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Tuesday 21 September 2021
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Tunisia: unemployment is not only an economic problem but also a political one, says expert Mongi Mkaddem

Mongi Mkaddem, academic and expert in economics pinpoints the weaknesses of the Tunisian economic model, which is considered the main cause behind the increase in the unemployment rate. He suggests some recommendations to address this serious problem. Interview:

The high unemployment rate, estimated at 17.5%, is said to be the result of an inadequate economic model adopted for decades by the former regime. What do you think?

Unemployment is structural, and it is due to the development model that governs the issue of employment in Tunisia. It is a model that has failed, since it generated very high rates of unemployment, regional disparities and imbalances at all levels. It is quite normal that the problem lies fundamentally in the design of development and in the major choices that effectively underlie this model.

What are the weaknesses of the model adopted?

Weaknesses affect, first, the fundamental and structural imbalances. If we look at the last twenty years, we see that there are choices that have been made but were not good choices.

Indeed, priority was given to the international integration of Tunisia rather than national integration, which means that Tunisia is much integrated into the international environment than with or within the Tunisian economy itself. This has had a negative impact.

Moreover, growth has been favored to the detriment of development. What was essential in that model is quantity: how to increase production, how to reduce the external imbalance, how to reduce the deficit in the balance of payments, but we have neglected the qualitative growth, the standard of living, regions and especially the underprivileged population. As a result, we are experiencing increased poverty and increased unemployment.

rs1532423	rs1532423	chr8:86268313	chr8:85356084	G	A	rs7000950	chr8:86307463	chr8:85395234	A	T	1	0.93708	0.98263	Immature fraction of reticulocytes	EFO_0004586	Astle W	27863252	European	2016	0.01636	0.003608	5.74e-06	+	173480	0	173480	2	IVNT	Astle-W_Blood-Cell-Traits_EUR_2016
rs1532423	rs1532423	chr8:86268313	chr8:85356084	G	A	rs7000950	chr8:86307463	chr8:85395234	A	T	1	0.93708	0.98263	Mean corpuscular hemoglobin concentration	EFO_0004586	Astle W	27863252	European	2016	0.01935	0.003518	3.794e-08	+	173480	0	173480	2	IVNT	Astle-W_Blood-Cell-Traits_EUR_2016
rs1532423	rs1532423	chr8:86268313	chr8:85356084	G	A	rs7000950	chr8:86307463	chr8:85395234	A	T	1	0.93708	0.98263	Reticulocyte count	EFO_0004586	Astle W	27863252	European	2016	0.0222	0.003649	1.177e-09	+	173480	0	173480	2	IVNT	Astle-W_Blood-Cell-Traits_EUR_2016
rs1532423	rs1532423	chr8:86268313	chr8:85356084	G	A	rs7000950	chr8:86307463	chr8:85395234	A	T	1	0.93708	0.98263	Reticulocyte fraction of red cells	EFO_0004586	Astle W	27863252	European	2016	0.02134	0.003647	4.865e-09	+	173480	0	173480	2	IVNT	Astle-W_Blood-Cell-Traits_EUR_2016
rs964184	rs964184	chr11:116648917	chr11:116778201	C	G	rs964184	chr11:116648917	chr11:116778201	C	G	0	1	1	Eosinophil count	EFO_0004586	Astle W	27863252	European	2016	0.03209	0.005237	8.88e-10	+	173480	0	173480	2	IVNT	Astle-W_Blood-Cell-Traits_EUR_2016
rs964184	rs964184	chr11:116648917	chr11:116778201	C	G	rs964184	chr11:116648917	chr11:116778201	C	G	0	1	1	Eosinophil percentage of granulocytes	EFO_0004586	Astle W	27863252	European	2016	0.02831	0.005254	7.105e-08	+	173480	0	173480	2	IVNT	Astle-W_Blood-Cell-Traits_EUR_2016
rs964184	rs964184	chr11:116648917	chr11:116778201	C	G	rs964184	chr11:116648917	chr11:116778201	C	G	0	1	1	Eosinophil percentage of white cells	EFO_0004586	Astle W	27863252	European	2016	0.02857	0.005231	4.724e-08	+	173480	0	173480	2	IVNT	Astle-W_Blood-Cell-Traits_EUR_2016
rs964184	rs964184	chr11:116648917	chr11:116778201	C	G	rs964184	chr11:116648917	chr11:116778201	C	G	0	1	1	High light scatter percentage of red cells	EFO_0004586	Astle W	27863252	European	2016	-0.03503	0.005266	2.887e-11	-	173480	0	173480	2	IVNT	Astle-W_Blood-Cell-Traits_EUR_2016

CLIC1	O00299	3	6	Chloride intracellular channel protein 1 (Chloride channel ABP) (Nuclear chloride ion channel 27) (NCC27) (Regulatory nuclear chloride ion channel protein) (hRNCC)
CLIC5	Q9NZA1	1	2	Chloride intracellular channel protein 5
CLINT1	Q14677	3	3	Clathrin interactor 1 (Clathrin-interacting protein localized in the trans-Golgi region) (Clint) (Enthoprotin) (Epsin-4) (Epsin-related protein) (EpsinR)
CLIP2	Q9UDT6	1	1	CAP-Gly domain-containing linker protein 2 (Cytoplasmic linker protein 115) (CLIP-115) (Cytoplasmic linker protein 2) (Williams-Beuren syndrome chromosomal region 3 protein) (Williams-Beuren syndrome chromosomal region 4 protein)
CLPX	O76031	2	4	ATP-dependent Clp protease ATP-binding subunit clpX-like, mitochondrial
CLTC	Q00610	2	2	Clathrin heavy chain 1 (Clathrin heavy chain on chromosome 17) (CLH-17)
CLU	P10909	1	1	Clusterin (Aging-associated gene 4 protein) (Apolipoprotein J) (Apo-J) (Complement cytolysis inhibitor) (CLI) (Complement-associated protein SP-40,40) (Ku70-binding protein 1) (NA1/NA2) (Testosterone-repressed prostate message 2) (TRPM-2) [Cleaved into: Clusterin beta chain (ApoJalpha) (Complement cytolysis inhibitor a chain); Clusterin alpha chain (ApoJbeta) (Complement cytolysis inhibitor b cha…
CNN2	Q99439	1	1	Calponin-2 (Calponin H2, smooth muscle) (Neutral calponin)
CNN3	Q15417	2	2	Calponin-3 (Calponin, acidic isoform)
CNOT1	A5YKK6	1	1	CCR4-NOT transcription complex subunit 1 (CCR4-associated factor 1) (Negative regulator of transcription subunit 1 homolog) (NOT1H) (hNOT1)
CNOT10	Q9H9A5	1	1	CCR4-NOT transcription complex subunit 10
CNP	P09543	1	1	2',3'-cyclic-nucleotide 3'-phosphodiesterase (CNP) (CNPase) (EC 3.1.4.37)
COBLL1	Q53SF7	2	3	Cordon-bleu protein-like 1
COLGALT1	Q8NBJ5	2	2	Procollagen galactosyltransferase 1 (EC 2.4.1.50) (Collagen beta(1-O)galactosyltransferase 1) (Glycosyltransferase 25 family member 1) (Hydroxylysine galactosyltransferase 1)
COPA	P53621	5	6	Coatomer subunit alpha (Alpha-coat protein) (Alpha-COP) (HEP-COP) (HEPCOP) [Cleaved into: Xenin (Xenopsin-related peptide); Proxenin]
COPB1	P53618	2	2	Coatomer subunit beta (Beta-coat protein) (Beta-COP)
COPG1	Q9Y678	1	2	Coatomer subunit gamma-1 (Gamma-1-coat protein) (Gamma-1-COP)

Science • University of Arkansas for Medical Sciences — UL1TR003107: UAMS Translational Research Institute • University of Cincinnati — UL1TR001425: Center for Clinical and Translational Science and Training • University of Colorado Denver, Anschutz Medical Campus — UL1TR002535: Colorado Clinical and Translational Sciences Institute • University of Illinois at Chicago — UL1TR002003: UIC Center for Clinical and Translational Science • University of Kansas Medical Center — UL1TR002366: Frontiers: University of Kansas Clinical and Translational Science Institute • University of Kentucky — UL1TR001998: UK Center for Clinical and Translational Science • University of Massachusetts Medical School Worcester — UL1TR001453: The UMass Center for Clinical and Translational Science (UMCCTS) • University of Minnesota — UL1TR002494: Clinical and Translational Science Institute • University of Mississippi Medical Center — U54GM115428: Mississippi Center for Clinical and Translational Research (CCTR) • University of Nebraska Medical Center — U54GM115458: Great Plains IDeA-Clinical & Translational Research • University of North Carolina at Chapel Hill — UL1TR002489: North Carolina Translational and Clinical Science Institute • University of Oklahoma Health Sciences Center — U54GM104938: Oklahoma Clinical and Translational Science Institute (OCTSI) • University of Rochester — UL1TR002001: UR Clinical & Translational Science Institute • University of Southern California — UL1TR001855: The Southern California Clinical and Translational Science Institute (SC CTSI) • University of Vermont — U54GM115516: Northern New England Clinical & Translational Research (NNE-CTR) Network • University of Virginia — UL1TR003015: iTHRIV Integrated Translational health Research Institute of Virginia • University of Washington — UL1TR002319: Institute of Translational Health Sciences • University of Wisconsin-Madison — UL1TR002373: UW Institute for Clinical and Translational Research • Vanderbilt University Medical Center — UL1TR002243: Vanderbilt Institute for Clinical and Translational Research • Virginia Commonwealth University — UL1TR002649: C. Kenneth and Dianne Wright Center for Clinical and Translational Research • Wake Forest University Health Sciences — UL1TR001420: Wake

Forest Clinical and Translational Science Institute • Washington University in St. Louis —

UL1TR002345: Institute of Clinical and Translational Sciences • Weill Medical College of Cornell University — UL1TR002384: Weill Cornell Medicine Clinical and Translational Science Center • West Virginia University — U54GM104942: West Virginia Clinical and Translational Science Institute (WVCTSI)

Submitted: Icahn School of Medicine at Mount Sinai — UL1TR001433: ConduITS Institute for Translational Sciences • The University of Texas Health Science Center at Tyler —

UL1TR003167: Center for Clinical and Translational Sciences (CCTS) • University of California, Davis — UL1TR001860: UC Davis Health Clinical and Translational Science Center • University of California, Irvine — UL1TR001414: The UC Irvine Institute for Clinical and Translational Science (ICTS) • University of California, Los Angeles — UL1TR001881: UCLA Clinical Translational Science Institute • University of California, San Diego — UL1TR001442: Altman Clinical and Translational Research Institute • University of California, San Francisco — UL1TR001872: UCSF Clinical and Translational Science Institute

There is also another fundamental imbalance which is the reliance on cooperative advantages based on something fixed. It is the cheap labor, which means that the only element of competitiveness we boast is precisely our cheap labor. However, this cannot continue since competitiveness between countries now does not depend only on the level of wages, or the cost of labor, but it relies on other factors such as productivity, technology.

Conclusion: we promoted sectors that employ unskilled workers and neglected sectors with high added value.

This truth explains therefore the unemployment rate of university graduates due to a production system that does not need this category. In terms of agriculture, services and industry we only need skilled labor.

Eight hundred thousand unemployed people in Tunisia and the government is increasing efforts and initiatives to address them. Efforts remain however below the expectations of citizens who continue to warn against the policy adopted in this regard. Will the new strategy being prepared meet this challenge?

First, it is a strategy which always lies in the medium and long term. This means that we should not expect that today, we give recipes that will be applied tomorrow, and from that time on unemployment will begin to decrease.

So we’re talking of a strategy: building the foundations of an economy that can create jobs. Obviously, answering this question is not an easy thing.

Currently, nothing has been resolved. We continue to experience this problem very seriously. We live in a transition period.

What are the steps to be taken to remedy this situation?

All we can do now is to implement short-term measures to alleviate the suffering of the unemployed population.

We must seek to create new jobs that fall under the social economy to absorb a portion of the population. We must incorporate a portion of the population in micro-projects and encourage banks to pay more attention to regions.

In such a sensitive climate, will Tunisia be able to meet this challenge?

Unemployment is not only an economic problem; it is also a political problem. Today, we need to clarify a lot of things before embarking on the implementation of this strategy.

It’s fine to define the strategy, but its implementation takes a lot of effort. In the present state of things, everything is blurry. We are currently experiencing a random situation.

How can we be expected to engage in a strategy or even take action in the short term in this current context? This becomes very difficult given the political and economic prospects.

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